The Alaskan

Understanding the Alaskan way, mind, and soul

It has come to this … the kids need new winter gear. Maybe it was the firmly-worded letter sent home from school or the excessive whining from the kids themselves as they headed outside. Perhaps even their parents felt the sting of a guilty conscience when the kids returned cold and chapped instead of rosy-cheeked and cheerful. Whichever the call to action, it’s past time to take action. 

Now for context: Alaska’s cold isn’t what passes for cold down south where kids in light jackets trot happily outside for recess all winter long. The local schools around here (Interior Alaska) also do outdoor recess, but down to -20°F. Why then would any loving parent hesitate to rush to the nearest store? All they need to do is simply pick out for each child a warm, well-fitting coat, hat, neck warmer, mittens, snow pants, boots, thick socks, etc.      

Before judging the reluctant Alaskan parent too harshly for putting off this basic necessity as long as possible, let’s pry into the situation a little further. Kids clothing isn’t cheap to start with, or if it’s cheap, you pay for it over and over again as shoddy fabrics and workmanship wear out within months, sometimes even weeks of purchase. One of the highest costs of living in the country only exacerbates the shopping frustration. Alaskan parents facing this dilemma tend to fall into two main camps, each with its own financial goals and acceptable standards for child provisioning. 

“…this confluence of cold-climate and cost factors during the formative childhood years is a likely cause of Alaskan culture’s widespread disregard for out-of-state fashions.”

The first camp, heavily populated by newbie parents, finds the best gear, no expense spared. Their little darlings waddle off into the snow outfitted for an Antarctic expedition, complete with waterproof mittens costing as much as $50 a pair! These parents have “done their best” by their kids! But hold the congratulations for this earnest (and somewhat naive) bunch. They’re too busy scrounging in the back of their vehicle for the (now missing) best-mittens-money-can-buy. Plus, it turns out that Antarctic-rated snow boots can fill up with snow just as fast as the regular kind. So all that money spent and the kids still end up crying from wet, icy feet and frost-nipped hands.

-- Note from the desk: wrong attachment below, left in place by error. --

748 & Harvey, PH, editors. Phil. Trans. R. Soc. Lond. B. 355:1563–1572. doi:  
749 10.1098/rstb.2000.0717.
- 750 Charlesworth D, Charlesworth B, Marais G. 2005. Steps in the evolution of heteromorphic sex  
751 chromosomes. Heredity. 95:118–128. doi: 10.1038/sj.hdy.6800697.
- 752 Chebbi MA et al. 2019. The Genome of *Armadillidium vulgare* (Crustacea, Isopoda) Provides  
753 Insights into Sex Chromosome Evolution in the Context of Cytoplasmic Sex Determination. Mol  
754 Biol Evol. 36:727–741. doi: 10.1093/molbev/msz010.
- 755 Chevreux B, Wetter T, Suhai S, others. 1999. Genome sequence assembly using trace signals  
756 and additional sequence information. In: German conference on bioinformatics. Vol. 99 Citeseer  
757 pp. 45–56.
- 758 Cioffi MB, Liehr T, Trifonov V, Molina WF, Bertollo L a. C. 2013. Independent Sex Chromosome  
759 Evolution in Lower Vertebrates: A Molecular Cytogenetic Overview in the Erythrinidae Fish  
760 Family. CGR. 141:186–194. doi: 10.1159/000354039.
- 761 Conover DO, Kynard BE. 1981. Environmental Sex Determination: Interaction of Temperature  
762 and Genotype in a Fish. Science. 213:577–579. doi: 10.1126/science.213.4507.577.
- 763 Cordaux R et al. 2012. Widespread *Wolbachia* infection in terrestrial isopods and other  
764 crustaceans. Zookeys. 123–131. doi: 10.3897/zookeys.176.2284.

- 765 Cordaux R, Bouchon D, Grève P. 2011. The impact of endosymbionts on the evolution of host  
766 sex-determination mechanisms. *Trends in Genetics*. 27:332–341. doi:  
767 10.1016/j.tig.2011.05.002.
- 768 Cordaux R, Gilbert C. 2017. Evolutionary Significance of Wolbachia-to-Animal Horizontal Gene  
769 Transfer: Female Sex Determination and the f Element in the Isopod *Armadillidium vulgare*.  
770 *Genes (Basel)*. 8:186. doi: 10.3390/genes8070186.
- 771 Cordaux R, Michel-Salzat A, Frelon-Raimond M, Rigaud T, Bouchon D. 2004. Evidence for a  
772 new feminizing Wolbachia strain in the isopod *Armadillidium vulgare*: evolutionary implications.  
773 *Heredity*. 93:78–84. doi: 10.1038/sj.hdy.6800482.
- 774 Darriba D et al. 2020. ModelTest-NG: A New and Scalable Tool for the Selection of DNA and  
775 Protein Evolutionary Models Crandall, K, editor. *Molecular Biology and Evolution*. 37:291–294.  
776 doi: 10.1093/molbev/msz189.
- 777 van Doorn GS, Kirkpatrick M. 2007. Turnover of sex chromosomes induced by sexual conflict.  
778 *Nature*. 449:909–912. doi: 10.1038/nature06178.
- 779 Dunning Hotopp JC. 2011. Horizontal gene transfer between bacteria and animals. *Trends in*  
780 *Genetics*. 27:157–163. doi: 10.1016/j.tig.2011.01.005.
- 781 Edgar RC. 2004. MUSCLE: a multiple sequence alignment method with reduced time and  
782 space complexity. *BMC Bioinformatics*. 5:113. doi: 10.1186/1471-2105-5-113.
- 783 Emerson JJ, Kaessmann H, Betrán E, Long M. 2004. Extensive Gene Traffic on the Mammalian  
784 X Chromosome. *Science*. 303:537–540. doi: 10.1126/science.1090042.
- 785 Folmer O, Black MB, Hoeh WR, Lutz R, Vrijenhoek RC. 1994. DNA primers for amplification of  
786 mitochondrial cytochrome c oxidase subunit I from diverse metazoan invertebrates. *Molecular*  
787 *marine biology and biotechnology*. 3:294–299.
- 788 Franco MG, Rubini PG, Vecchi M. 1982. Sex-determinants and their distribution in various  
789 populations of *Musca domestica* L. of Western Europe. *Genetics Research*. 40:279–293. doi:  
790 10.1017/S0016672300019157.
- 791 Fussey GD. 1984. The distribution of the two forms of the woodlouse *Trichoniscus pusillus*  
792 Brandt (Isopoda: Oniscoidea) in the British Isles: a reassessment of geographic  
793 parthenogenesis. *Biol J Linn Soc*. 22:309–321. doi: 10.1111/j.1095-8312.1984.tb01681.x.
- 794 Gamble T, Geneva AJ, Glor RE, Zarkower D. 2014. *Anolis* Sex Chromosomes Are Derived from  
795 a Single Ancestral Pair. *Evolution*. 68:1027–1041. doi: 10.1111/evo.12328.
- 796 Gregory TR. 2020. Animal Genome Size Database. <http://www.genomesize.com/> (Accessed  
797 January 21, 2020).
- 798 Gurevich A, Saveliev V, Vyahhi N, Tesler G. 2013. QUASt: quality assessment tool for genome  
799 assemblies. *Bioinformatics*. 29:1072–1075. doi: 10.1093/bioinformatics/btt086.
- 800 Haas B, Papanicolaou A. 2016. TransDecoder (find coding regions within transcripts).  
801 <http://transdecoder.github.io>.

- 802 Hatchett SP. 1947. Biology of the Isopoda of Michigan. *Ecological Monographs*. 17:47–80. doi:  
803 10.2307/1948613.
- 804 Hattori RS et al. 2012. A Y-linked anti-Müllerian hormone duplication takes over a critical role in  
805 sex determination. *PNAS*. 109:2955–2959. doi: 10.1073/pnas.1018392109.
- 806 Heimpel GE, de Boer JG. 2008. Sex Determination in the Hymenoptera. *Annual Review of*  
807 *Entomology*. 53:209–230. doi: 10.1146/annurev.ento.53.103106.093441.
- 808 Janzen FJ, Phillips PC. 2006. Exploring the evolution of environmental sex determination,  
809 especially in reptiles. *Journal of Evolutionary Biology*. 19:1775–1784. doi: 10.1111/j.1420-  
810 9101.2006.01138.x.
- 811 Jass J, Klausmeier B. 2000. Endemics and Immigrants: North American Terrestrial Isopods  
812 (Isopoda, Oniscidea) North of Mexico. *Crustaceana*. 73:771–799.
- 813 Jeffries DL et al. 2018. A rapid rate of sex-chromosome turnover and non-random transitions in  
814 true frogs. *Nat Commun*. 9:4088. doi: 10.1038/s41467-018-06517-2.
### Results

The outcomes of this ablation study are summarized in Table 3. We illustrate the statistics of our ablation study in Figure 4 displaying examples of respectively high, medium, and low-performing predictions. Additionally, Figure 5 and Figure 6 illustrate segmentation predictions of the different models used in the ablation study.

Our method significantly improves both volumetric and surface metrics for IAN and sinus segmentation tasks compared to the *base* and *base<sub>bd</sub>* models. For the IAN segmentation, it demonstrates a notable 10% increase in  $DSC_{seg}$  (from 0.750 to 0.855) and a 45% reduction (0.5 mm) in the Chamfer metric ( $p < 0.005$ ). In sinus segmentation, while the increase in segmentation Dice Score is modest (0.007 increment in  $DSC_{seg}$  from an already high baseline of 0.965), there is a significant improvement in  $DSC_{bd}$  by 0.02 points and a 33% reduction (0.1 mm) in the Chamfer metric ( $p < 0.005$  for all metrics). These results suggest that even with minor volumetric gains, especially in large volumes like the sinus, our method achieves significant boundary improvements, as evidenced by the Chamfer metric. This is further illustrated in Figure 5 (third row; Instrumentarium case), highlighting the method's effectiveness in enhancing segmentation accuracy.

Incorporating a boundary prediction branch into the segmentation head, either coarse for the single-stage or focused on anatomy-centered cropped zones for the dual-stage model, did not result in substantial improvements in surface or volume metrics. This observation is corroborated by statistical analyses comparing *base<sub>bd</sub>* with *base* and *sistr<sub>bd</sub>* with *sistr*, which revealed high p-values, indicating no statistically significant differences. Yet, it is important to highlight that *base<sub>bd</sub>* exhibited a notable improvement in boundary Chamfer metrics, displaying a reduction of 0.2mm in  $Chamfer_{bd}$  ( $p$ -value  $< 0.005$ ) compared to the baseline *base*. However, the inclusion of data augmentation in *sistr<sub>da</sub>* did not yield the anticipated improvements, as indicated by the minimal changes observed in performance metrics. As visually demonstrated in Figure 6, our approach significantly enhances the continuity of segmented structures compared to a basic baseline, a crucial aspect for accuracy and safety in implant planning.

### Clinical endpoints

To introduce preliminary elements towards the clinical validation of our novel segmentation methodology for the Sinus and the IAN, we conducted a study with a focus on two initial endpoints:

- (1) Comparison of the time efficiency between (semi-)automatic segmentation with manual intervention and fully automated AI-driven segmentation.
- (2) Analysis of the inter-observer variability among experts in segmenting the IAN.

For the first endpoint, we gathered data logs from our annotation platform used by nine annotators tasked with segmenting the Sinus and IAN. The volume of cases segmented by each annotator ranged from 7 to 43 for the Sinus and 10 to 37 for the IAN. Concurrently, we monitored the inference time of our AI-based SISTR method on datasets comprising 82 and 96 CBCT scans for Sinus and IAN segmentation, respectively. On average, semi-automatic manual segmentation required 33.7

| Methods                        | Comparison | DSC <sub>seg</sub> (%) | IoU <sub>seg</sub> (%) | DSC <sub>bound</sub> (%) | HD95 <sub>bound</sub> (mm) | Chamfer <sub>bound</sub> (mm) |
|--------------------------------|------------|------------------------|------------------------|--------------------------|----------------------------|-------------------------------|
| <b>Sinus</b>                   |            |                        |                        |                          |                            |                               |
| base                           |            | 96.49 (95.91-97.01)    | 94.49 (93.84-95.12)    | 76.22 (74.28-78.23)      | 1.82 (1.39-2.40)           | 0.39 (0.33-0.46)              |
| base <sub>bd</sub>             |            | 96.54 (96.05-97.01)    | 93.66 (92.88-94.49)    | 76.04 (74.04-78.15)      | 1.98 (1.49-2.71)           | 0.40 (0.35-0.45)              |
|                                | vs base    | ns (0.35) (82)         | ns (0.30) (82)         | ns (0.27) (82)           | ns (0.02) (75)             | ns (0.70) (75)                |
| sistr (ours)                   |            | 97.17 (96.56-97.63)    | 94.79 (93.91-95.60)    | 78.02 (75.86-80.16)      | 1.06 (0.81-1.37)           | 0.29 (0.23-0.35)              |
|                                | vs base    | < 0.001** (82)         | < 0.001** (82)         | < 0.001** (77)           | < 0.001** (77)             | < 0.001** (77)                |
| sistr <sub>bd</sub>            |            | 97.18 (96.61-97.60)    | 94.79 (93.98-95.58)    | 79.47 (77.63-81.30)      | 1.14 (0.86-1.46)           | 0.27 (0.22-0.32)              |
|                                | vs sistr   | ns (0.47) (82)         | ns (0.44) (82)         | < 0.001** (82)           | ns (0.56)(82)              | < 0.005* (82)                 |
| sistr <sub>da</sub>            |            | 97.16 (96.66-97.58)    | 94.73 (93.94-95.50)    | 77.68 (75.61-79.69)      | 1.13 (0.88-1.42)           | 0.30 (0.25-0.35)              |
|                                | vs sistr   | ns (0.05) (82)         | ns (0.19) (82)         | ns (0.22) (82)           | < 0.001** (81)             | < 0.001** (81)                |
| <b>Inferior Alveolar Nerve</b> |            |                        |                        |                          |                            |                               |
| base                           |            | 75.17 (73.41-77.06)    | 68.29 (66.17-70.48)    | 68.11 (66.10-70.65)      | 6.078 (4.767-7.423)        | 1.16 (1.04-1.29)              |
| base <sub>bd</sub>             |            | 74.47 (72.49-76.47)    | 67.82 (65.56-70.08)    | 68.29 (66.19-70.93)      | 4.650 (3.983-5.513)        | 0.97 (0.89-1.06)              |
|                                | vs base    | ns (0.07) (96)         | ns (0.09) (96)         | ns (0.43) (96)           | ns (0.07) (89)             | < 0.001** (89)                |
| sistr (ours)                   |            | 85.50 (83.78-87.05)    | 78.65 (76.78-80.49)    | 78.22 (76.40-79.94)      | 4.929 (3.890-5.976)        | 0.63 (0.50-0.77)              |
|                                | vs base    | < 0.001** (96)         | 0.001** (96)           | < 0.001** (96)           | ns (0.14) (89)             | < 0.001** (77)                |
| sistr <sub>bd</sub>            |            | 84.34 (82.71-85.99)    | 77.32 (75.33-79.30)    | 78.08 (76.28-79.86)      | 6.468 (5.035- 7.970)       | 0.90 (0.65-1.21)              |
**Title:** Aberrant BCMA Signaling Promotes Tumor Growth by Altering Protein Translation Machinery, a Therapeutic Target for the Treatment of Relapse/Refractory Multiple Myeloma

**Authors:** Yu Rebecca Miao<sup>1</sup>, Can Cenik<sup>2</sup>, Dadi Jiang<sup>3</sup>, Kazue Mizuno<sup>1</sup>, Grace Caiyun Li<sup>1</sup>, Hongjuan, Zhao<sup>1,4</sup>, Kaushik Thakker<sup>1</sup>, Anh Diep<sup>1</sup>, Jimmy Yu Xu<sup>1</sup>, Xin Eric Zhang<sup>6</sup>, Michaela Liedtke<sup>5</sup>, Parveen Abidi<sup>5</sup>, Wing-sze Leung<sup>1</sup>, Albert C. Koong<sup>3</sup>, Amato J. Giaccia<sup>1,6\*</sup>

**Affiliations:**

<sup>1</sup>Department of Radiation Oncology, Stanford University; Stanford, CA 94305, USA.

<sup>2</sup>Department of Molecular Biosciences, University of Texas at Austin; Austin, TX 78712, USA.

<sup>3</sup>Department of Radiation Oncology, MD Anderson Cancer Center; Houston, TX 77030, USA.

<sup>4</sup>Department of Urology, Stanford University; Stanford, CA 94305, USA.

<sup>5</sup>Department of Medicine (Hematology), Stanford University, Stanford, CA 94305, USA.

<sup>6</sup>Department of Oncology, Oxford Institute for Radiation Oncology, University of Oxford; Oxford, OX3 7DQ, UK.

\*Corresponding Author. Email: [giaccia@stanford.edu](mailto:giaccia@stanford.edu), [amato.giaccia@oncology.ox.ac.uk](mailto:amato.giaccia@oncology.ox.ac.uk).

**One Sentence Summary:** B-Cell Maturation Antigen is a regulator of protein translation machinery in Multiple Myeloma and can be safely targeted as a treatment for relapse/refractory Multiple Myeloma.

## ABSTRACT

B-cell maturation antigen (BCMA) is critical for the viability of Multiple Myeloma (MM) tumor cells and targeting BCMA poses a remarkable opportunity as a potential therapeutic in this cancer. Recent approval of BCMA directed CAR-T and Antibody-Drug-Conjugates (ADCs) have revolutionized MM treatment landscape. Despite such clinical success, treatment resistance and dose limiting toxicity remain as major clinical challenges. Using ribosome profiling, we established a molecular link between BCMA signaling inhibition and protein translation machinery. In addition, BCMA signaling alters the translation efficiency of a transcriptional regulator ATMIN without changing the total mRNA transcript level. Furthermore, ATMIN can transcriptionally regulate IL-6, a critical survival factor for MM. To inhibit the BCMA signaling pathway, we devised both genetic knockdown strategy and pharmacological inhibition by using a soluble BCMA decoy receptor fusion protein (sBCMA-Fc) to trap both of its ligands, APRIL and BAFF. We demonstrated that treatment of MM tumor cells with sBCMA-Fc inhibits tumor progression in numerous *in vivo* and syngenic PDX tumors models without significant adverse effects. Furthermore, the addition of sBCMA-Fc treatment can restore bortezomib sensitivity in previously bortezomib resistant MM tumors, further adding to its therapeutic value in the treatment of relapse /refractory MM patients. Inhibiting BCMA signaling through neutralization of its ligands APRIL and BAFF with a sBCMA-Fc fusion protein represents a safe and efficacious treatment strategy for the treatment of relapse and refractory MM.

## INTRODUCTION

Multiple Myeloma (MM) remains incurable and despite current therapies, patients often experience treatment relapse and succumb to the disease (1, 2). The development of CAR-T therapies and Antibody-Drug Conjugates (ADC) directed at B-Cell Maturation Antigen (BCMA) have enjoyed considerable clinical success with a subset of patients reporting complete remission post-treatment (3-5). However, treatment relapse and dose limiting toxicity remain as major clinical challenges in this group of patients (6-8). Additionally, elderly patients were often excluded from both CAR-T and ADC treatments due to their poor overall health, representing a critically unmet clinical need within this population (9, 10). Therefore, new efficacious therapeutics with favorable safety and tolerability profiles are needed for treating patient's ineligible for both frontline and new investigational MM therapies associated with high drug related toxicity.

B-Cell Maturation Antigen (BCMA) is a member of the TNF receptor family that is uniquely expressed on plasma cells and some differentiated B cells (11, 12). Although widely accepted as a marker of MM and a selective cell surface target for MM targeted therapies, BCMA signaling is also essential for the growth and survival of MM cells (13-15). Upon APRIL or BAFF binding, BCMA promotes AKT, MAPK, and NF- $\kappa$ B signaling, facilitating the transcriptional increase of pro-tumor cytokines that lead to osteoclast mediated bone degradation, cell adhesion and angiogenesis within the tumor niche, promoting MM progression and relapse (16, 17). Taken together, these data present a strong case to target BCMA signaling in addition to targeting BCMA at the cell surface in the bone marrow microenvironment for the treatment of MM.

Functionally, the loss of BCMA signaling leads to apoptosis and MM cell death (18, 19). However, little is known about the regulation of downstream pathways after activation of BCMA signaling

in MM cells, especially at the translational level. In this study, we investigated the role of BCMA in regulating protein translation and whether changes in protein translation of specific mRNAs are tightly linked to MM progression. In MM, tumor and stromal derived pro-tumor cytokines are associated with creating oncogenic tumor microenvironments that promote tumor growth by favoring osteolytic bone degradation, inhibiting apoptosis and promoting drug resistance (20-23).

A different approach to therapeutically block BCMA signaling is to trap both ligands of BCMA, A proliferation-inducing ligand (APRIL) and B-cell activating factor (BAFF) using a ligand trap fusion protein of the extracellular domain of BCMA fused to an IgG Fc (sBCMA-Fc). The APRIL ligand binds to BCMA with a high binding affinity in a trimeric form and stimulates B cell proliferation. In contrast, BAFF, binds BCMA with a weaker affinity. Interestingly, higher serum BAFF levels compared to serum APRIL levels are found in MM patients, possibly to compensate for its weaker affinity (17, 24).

This cost vs benefit conundrum drives many Alaskan parents into the second camp. These are the seasoned (some might say hardened) ones hunting through bargain bins and thrift stores for the cheapest items, which are then crammed into closets for children to ransack at will. No matter how many gloves get lost at school, in the car, at the store, or in the backyard, the glove bin has enough of something to get everyone out the door again. It’s the same system for snow pants, jackets, hats, etc. Those kids who whine about the mismatched, ill-fitting selection can enjoy a timely lecture along the theme of “If you won’t bother to keep track of your stuff, then neither will I.”

Ironically once ROI (return on investment) is calculated, parents from both camps, the high-end shoppers and the bargain-bin hunters, spend nearly the same amount on winter gear, as measured in parental frustration and children’s tears. 

Which is why it’s no surprise (or is it simply more cosmic irony?) that just when Alaskan parents drag ourselves to the store to buy mounds of winter clothing for our kids to whine about and then lose, just as the price tags squeeze whimpers from our wallets, it’s into this costly, agonizing season that our PFDs (Permanent Fund Dividends) arrive, just in time for winter! 

*An interesting anthropological observation: this confluence of cold-climate and cost factors during the formative childhood years is a likely cause of Alaskan culture’s widespread disregard for out-of-state fashions.   

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